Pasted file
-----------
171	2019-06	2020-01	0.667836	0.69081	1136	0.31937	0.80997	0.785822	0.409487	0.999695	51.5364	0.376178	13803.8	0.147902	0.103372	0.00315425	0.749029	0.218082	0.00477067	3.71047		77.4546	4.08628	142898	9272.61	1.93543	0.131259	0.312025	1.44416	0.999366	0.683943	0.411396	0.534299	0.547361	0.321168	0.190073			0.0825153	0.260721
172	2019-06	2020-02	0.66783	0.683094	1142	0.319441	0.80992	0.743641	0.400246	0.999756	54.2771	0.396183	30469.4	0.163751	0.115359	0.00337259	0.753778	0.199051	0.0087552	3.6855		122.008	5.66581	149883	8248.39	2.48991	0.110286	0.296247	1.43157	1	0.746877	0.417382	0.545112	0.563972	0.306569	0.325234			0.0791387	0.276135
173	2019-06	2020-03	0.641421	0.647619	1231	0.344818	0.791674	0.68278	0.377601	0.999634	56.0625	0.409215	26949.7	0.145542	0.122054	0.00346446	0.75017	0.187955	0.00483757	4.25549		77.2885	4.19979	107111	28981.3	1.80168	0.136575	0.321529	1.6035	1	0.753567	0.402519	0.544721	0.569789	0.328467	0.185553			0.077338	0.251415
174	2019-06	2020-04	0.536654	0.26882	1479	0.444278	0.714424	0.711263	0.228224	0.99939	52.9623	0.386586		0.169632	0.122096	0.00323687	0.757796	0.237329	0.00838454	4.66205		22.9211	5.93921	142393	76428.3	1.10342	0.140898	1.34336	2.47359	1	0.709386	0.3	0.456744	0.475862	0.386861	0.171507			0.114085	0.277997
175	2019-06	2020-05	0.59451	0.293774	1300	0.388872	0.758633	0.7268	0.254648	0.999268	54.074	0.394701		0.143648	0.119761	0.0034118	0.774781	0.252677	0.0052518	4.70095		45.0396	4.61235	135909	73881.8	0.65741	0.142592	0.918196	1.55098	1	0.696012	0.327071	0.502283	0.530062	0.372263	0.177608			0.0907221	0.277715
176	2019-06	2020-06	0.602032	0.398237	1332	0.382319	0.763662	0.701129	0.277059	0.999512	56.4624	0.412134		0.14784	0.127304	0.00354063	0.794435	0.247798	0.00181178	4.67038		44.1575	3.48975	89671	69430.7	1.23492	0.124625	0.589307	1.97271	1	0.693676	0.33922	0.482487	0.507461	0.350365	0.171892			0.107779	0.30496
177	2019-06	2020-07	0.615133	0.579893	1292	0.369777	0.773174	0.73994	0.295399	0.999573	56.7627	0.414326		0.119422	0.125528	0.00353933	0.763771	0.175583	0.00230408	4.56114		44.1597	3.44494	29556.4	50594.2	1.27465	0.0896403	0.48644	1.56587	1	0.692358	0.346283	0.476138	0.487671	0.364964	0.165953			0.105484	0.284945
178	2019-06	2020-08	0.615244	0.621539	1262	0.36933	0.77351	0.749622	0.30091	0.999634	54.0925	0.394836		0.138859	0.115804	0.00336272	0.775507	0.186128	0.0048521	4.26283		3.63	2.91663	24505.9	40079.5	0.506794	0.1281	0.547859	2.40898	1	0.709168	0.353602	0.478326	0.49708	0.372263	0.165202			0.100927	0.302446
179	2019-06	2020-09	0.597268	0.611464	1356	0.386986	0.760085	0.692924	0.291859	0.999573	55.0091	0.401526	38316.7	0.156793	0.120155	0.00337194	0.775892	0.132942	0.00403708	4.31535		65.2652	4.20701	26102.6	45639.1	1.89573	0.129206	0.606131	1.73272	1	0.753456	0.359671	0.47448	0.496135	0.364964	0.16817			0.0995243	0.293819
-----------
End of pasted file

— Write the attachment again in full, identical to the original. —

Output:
171	2019-06	2020-01	0.667836	0.69081	1136	0.31937	0.80997	0.785822	0.409487	0.999695	51.5364	0.376178	13803.8	0.147902	0.103372	0.00315425	0.749029	0.218082	0.00477067	3.71047		77.4546	4.08628	142898	9272.61	1.93543	0.131259	0.312025	1.44416	0.999366	0.683943	0.411396	0.534299	0.547361	0.321168	0.190073			0.0825153	0.260721
172	2019-06	2020-02	0.66783	0.683094	1142	0.319441	0.80992	0.743641	0.400246	0.999756	54.2771	0.396183	30469.4	0.163751	0.115359	0.00337259	0.753778	0.199051	0.0087552	3.6855		122.008	5.66581	149883	8248.39	2.48991	0.110286	0.296247	1.43157	1	0.746877	0.417382	0.545112	0.563972	0.306569	0.325234			0.0791387	0.276135
173	2019-06	2020-03	0.641421	0.647619	1231	0.344818	0.791674	0.68278	0.377601	0.999634	56.0625	0.409215	26949.7	0.145542	0.122054	0.00346446	0.75017	0.187955	0.00483757	4.25549		77.2885	4.19979	107111	28981.3	1.80168	0.136575	0.321529	1.6035	1	0.753567	0.402519	0.544721	0.569789	0.328467	0.185553			0.077338	0.251415
174	2019-06	2020-04	0.536654	0.26882	1479	0.444278	0.714424	0.711263	0.228224	0.99939	52.9623	0.386586		0.169632	0.122096	0.00323687	0.757796	0.237329	0.00838454	4.66205		22.9211	5.93921	142393	76428.3	1.10342	0.140898	1.34336	2.47359	1	0.709386	0.3	0.456744	0.475862	0.386861	0.171507			0.114085	0.277997
175	2019-06	2020-05	0.59451	0.293774	1300	0.388872	0.758633	0.7268	0.254648	0.999268	54.074	0.394701		0.143648	0.119761	0.0034118	0.774781	0.252677	0.0052518	4.70095		45.0396	4.61235	135909	73881.8	0.65741	0.142592	0.918196	1.55098	1	0.696012	0.327071	0.502283	0.530062	0.372263	0.177608			0.0907221	0.277715
176	2019-06	2020-06	0.602032	0.398237	1332	0.382319	0.763662	0.701129	0.277059	0.999512	56.4624	0.412134		0.14784	0.127304	0.00354063	0.794435	0.247798	0.00181178	4.67038		44.1575	3.48975	89671	69430.7	1.23492	0.124625	0.589307	1.97271	1	0.693676	0.33922	0.482487	0.507461	0.350365	0.171892			0.107779	0.30496
177	2019-06	2020-07	0.615133	0.579893	1292	0.369777	0.773174	0.73994	0.295399	0.999573	56.7627	0.414326		0.119422	0.125528	0.00353933	0.763771	0.175583	0.00230408	4.56114		44.1597	3.44494	29556.4	50594.2	1.27465	0.0896403	0.48644	1.56587	1	0.692358	0.346283	0.476138	0.487671	0.364964	0.165953			0.105484	0.284945
178	2019-06	2020-08	0.615244	0.621539	1262	0.36933	0.77351	0.749622	0.30091	0.999634	54.0925	0.394836		0.138859	0.115804	0.00336272	0.775507	0.186128	0.0048521	4.26283		3.63	2.91663	24505.9	40079.5	0.506794	0.1281	0.547859	2.40898	1	0.709168	0.353602	0.478326	0.49708	0.372263	0.165202			0.100927	0.302446
179	2019-06	2020-09	0.597268	0.611464	1356	0.386986	0.760085	0.692924	0.291859	0.999573	55.0091	0.401526	38316.7	0.156793	0.120155	0.00337194	0.775892	0.132942	0.00403708	4.31535		65.2652	4.20701	26102.6	45639.1	1.89573	0.129206	0.606131	1.73272	1	0.753456	0.359671	0.47448	0.496135	0.364964	0.16817			0.0995243	0.293819